The reason of using fractional order differential (FOD) equations is that FOD equations are naturally related to systems with memory which exists in most biological systems. Also they are closely related to fractals which are abundant in biological systems. The results derived from the fractional system are of a more general nature. Respectively, solutions to the fractional diffusion equation spread at a faster rate than the classical diffusion equation and may exhibit asymmetry. However, the fundamental solutions of these equations still exhibit useful scaling properties that make them attractive for applications.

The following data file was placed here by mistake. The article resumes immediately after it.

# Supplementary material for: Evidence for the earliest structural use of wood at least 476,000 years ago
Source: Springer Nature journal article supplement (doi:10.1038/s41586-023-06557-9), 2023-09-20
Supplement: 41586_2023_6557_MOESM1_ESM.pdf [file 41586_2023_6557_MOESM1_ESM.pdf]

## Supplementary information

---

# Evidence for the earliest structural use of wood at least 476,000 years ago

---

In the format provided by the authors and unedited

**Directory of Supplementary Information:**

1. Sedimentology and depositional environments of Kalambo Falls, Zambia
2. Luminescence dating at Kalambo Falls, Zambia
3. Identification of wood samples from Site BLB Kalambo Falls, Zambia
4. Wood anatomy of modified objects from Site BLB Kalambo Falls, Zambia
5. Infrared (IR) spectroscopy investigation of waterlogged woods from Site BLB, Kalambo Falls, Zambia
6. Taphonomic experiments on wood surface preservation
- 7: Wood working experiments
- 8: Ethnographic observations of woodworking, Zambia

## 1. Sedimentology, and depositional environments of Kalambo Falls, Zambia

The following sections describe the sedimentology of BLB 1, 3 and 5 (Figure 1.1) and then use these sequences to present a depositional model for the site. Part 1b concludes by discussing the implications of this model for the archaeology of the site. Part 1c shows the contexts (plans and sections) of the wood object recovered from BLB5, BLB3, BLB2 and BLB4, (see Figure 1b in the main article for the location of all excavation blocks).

The concept of fractional or noninteger order derivation and integration can be traced back to the genesis of integer order calculus itself . Almost all of the mathematical theory applicable to the study of noninteger order calculus was developed through the end of the 19th century. However, it is in the past hundred years that the most intriguing leaps in engineering and scientific application have been found. The calculation techniques in some cases meet the requirement of physical reality. The use of fractional differentiation for the mathematical modeling of real-world physical problems has been widespread in recent years, for example, the modeling of earthquake, the fluid dynamic traffic model with fractional derivatives, and measurement of viscoelastic material properties. Applications of fractional derivatives in other fields and related mathematical tools and techniques could be found in [30–41]. In fact, real-world processes generally or most likely are fractional order systems.